Twelve members of SUNY Oneonta's Habitat for Humanity club spent their spring break building houses in Vero Beach, Florida. The students worked closely with the Indian River Habitat for Humanity, helping build and refurbish homes and volunteer in any way they could. They also spent time at the “ReStore,” where they organized, moved and sold at a discount items that had been donated.
Thirteen business economics and political science majors traveled to Washington, D.C., to meet with influential players and policymakers in the healthcare industry. They visited the National Archives to view the original Declaration of Independence and U.S. Constitution; explored the American Museum of the American Indian; attended History Makers: Women & the 116th Congress, and heard from newly elected representatives, political consultants and scholars on panels hosted by The Hill news outlet at Gallup offices. They also attended an event at the Army/Navy club organized by SUNY Oneonta's Office of Alumni Engagement. The group was hosted by John Kaelin '77, an alumnus and senior advisor for Centene Corporation, a healthcare enterprise that provides services to government-sponsored healthcare programs, focusing on underinsured and uninsured individuals.
The students were accompanied by Director of Continuing Education Michelle Thibault; Dr. Kpoti Kitissou, assistant professor of economics; and Dr. Gina Keel, associate professor of political science.
Four education students traveled to Cali, Colombia, with Assistant Professor Thor Gibbins. The students completed a field experience in bilingual schools – one an affluent foreign school and the other in a less-privileged area.
McKenzie Hyer, an Early Childhood/Childhood Education major in the Class of 2019, said the trip was “such an eye-opening experience.”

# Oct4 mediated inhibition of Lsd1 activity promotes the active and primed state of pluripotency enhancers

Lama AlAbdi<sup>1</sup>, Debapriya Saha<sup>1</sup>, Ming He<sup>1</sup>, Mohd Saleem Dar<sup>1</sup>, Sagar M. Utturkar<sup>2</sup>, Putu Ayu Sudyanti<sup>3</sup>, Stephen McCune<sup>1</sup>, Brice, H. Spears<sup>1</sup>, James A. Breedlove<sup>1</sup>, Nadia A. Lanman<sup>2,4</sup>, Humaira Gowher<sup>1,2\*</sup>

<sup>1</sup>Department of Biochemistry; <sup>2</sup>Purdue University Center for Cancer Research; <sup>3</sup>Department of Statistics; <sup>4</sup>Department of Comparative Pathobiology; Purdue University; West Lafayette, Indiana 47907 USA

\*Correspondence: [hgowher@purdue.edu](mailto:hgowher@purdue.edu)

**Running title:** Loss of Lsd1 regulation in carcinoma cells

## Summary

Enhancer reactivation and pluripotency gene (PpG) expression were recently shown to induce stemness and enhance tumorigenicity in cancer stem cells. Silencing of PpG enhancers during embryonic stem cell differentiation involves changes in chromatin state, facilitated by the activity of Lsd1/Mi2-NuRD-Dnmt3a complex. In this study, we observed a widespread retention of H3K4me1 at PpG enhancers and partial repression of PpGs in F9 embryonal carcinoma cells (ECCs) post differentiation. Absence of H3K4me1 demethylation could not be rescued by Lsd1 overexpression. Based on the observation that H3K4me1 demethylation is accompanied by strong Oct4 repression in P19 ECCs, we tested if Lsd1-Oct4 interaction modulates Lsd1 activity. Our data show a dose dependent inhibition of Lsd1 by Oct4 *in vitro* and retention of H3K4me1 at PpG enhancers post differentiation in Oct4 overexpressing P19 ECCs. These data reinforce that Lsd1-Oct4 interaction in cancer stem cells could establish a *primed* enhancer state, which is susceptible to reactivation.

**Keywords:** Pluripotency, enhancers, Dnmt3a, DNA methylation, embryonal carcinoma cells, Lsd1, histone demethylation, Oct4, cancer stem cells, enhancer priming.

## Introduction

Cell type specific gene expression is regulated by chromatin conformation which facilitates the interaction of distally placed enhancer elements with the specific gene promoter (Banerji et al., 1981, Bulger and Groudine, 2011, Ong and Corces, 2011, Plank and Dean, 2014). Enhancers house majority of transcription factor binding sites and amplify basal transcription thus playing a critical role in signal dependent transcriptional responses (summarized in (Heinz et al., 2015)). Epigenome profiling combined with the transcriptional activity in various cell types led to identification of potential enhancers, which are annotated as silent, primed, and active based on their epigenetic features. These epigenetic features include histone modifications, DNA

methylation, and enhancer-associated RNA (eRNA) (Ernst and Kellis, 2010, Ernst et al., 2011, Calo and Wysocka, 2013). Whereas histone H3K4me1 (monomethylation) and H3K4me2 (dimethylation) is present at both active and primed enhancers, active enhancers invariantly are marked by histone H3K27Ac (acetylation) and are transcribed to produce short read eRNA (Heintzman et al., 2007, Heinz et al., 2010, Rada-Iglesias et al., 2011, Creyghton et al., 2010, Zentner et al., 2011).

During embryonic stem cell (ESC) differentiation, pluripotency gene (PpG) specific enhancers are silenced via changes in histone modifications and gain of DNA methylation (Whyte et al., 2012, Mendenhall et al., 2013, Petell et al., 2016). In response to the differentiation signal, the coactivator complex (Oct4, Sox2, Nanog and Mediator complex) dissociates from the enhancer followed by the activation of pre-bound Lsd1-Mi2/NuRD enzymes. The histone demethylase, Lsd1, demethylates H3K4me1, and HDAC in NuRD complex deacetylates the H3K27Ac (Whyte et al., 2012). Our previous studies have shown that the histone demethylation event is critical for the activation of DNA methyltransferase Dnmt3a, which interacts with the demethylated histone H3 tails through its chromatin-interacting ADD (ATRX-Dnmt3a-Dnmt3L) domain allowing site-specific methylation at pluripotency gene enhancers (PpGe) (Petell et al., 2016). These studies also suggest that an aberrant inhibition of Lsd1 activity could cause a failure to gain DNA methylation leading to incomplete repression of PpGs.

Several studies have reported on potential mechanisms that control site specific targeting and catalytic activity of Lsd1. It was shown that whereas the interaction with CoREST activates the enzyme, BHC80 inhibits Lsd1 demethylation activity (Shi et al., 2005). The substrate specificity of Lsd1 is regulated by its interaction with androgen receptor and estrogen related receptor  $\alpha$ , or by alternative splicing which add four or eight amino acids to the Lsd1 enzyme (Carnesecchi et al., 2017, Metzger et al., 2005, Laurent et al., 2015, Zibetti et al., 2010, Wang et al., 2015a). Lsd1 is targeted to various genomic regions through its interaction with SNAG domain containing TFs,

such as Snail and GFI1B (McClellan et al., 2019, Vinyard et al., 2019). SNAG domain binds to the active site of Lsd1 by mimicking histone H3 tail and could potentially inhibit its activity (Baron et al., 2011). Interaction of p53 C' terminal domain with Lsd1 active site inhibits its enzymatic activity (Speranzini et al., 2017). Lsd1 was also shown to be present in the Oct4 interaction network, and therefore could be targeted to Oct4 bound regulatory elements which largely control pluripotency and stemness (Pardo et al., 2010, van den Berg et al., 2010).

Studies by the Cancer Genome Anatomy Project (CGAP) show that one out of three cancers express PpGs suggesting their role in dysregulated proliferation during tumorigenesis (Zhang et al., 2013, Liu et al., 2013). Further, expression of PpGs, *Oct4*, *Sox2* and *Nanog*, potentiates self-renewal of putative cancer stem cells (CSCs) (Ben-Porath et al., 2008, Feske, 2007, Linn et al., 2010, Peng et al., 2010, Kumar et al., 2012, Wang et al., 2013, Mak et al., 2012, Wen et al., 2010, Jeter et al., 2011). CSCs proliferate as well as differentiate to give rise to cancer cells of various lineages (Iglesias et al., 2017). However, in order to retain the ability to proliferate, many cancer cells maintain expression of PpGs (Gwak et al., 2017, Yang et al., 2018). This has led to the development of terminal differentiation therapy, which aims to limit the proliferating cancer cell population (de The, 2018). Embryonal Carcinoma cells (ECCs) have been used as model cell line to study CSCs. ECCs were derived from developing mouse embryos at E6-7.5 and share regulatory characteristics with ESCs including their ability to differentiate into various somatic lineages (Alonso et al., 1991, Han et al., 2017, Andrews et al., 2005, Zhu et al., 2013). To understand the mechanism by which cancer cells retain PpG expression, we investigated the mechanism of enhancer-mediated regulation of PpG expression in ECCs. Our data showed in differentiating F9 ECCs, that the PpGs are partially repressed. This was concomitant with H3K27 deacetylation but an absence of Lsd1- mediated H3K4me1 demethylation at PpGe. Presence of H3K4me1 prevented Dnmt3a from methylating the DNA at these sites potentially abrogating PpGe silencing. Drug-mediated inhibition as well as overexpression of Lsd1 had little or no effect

“We were able to compare education systems in the United States to those in Colombia. We saw how some schools are given more opportunities and resources than others, just as you can observe in the United States and to see how that influences children in both societies is something I will continue to consider as I grow as an educator.”
Sixteen Geology and Earth Science majors journeyed to Death Valley to develop geologic field mapping skills. Led by their professor, Dr. Les Hasbargen, the students gathered at the lowest dry point on the North American continent at Badwater, hiked into deep narrow canyons and over colorful badland divides in Golden Canyon and Gower Gulch, and explored a deep crater left by a violent volcanic eruption at Ubehebe Crater. The capstone course required the students to describe the rocks and types of environments in which they formed, and to map out how plate tectonic activity has shifted, tilted, broken and deformed those rocks. The students camped in tents and experienced a rare flash flood which came through camp early one morning. The rising waters drenched some gear. It was an eventful, mostly sunny and hot experience in one of the driest places in North America!
The non-credit international trips described were funded by a generous gift from alumna Caroline Turner ’53, who wanted to provide students with unique international education opportunities. This is the second year Ms. Turner has provided the funding.